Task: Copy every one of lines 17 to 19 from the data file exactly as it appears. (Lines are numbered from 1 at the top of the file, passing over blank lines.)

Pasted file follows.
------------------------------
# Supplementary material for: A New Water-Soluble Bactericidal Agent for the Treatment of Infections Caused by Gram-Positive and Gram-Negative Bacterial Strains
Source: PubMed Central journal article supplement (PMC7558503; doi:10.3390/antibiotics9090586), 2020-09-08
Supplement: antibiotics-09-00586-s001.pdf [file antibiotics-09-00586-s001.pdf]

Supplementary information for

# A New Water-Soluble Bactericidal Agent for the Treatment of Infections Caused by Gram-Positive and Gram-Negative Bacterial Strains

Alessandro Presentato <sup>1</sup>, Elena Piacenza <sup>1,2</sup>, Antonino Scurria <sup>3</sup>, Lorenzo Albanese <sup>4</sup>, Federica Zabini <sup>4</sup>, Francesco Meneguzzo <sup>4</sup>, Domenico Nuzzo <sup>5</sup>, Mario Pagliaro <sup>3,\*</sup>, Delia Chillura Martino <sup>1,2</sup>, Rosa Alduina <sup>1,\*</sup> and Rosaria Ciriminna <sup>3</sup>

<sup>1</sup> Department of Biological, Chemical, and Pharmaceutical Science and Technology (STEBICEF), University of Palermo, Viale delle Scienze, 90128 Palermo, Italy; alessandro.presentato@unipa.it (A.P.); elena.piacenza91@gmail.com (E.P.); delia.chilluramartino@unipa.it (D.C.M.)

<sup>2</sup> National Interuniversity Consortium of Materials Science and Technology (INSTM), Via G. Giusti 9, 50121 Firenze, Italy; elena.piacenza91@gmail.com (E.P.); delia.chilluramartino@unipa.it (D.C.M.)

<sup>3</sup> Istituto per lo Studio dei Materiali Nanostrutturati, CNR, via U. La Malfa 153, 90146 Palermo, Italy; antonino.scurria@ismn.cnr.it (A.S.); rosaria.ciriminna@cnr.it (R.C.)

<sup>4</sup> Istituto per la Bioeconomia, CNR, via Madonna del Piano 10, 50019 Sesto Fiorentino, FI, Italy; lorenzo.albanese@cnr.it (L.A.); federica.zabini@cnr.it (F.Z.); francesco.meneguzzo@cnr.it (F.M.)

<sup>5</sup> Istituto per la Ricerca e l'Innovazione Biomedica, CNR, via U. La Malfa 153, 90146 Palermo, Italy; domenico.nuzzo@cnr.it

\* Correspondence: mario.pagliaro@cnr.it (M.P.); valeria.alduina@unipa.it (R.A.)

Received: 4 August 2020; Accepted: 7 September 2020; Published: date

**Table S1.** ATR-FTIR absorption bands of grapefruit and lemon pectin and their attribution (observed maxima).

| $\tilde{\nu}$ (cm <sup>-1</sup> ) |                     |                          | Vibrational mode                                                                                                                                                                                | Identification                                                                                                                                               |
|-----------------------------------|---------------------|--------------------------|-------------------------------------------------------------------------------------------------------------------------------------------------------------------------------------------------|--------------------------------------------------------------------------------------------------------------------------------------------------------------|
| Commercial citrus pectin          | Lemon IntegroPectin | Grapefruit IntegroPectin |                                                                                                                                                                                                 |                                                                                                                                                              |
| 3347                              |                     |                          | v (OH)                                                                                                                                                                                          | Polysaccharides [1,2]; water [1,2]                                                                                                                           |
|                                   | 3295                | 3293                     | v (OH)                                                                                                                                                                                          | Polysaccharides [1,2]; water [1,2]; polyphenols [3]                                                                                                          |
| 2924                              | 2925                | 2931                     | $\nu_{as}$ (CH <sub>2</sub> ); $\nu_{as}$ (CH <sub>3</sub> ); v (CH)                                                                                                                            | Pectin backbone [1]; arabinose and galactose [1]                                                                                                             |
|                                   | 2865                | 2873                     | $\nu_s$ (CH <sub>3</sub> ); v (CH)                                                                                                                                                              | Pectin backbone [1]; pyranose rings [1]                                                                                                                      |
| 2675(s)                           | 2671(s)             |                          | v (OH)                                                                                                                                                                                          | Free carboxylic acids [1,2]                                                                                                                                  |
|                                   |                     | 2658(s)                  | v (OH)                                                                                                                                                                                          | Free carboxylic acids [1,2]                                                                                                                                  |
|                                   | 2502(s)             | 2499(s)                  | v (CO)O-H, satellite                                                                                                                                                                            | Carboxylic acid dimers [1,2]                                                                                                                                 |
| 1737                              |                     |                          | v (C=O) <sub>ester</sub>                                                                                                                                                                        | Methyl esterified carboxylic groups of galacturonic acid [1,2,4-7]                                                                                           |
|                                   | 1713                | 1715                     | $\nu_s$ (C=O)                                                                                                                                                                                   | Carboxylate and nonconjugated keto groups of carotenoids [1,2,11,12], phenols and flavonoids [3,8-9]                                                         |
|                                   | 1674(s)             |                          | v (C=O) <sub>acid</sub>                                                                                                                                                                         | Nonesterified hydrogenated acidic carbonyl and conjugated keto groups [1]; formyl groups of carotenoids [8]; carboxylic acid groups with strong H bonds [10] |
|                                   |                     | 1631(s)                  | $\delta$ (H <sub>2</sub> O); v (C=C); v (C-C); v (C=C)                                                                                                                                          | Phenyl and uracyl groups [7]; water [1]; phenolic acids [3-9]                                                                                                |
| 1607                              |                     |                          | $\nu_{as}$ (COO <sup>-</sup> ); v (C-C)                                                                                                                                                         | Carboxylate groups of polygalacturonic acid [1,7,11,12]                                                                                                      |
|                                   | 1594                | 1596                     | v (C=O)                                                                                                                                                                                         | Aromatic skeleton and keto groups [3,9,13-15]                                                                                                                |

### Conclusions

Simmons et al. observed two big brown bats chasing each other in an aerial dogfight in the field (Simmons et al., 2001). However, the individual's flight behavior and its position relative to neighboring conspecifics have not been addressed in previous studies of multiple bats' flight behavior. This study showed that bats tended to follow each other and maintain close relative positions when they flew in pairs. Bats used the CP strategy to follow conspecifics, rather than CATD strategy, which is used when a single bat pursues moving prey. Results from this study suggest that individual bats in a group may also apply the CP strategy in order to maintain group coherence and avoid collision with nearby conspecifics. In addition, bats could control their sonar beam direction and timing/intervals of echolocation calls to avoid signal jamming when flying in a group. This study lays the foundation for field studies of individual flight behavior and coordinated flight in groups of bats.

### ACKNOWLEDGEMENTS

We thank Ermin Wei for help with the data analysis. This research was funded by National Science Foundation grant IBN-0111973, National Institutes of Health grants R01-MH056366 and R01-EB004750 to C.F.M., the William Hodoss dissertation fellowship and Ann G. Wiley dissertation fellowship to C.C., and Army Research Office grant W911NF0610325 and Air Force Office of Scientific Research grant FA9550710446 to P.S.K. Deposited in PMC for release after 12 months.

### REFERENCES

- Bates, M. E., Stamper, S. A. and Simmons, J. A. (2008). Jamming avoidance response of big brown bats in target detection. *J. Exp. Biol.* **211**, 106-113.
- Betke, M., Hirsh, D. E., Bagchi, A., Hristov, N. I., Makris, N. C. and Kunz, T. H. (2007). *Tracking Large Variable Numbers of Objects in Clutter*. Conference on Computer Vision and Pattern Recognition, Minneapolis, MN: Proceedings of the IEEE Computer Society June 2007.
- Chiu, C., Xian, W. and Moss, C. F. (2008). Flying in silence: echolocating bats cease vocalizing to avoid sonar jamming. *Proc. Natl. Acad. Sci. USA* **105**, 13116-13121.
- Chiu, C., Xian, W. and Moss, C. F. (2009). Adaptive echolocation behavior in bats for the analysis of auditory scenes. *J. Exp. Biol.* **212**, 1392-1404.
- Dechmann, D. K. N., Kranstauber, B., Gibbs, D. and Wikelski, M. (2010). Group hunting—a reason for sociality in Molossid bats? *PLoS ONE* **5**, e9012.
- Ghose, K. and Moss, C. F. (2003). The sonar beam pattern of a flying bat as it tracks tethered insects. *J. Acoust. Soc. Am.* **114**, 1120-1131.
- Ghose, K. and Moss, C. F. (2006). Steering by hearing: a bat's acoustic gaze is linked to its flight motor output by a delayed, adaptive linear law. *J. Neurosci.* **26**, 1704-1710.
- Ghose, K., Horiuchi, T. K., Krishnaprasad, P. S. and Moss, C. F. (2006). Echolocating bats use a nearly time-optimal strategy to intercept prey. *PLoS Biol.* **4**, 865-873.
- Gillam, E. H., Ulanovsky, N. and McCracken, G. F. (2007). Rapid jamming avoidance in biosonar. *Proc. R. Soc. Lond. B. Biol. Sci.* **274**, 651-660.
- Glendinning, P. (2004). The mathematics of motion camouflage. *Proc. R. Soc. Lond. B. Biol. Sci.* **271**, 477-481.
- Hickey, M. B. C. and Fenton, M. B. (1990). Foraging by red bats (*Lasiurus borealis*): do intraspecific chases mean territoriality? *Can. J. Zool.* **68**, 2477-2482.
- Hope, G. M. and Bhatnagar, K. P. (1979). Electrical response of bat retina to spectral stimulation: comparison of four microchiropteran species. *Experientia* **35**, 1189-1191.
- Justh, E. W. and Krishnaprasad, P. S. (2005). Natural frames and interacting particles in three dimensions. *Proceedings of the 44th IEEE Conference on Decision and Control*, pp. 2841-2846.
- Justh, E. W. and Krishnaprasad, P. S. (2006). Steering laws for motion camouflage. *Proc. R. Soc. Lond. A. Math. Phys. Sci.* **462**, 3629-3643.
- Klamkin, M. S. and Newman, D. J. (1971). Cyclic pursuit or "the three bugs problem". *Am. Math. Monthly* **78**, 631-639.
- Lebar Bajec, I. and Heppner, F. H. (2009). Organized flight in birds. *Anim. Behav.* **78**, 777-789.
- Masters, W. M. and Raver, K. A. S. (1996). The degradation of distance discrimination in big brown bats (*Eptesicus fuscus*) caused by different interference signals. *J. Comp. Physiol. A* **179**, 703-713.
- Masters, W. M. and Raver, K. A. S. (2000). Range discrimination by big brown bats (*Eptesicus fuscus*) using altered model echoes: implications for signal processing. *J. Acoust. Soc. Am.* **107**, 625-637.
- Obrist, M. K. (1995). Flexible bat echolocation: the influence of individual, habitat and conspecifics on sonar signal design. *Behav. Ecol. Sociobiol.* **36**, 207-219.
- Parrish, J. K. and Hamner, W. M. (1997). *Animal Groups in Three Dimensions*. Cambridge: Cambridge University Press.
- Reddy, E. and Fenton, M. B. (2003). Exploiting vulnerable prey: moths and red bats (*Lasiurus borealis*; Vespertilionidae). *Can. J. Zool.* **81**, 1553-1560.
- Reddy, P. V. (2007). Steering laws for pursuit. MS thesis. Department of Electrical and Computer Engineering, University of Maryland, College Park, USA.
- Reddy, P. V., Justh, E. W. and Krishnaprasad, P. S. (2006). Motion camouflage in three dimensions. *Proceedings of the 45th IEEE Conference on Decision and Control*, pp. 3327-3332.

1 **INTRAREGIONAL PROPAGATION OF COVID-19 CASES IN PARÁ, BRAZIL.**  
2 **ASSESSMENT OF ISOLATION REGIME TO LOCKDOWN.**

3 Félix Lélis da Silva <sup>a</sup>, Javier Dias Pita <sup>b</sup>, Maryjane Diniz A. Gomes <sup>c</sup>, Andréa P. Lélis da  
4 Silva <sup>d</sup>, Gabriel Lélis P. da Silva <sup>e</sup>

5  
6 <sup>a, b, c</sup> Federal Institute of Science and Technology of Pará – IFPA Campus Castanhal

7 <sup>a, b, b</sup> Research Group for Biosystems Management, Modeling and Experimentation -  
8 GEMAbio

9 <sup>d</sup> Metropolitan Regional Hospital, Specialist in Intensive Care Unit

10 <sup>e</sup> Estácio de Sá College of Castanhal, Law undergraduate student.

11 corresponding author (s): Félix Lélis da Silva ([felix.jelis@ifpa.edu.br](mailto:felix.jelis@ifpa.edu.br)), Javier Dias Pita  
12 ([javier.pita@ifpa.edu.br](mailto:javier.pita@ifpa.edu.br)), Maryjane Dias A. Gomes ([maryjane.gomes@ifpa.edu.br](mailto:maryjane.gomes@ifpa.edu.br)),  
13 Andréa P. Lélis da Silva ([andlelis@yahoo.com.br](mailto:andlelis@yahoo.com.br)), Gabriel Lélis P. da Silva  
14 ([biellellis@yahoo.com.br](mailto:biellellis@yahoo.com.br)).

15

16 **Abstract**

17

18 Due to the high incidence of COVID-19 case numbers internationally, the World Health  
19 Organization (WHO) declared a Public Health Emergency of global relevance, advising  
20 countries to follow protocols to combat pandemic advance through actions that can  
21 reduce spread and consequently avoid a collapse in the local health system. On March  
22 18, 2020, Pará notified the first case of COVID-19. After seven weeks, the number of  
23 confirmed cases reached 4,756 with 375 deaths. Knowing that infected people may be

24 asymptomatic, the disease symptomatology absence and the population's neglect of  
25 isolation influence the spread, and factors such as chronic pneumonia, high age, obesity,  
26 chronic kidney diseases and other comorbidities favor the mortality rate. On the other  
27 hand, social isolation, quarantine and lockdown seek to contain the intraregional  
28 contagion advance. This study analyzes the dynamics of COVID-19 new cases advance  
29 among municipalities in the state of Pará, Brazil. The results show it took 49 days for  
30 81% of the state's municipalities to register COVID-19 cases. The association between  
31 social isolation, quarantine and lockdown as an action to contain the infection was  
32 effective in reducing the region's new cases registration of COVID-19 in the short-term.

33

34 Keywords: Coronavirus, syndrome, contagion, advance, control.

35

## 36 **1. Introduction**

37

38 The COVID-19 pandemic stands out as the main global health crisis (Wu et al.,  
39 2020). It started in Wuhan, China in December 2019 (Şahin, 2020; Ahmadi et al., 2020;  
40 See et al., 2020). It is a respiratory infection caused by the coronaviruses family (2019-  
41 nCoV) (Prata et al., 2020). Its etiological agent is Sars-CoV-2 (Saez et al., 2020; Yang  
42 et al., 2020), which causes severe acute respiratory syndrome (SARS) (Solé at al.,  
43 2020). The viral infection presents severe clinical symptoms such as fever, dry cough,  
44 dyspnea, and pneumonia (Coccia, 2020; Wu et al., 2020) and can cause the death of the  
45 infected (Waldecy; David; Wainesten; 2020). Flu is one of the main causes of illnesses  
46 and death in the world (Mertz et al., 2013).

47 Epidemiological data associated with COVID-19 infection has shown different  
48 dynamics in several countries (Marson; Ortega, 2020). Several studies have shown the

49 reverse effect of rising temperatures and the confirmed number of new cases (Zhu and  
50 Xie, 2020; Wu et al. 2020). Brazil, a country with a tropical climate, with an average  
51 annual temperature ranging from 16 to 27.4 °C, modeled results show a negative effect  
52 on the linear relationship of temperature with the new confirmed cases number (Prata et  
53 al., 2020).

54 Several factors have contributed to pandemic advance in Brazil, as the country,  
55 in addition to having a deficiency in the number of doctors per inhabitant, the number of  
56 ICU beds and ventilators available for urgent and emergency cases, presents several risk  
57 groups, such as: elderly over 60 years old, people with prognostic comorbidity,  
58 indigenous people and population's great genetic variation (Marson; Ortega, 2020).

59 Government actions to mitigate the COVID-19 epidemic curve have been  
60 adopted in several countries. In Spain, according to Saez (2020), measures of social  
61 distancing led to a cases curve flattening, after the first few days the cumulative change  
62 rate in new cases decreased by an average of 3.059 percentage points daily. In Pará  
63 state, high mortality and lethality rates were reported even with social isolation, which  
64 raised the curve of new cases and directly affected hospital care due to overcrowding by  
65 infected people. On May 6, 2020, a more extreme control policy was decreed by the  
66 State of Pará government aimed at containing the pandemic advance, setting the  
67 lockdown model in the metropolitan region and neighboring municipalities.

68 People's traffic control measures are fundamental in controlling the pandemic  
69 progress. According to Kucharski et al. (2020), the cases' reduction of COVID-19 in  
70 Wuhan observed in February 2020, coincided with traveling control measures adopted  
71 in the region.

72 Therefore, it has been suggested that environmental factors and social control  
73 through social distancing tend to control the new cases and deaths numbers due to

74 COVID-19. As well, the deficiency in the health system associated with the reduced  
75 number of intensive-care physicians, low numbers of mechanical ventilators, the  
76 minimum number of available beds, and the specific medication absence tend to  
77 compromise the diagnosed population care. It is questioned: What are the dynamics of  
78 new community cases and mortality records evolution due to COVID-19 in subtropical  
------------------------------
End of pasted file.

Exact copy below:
| Commercial citrus pectin          | Lemon IntegroPectin | Grapefruit IntegroPectin |                                                                                                                                                                                                 |                                                                                                                                                              |
| 3347                              |                     |                          | v (OH)                                                                                                                                                                                          | Polysaccharides [1,2]; water [1,2]                                                                                                                           |
|                                   | 3295                | 3293                     | v (OH)                                                                                                                                                                                          | Polysaccharides [1,2]; water [1,2]; polyphenols [3]                                                                                                          |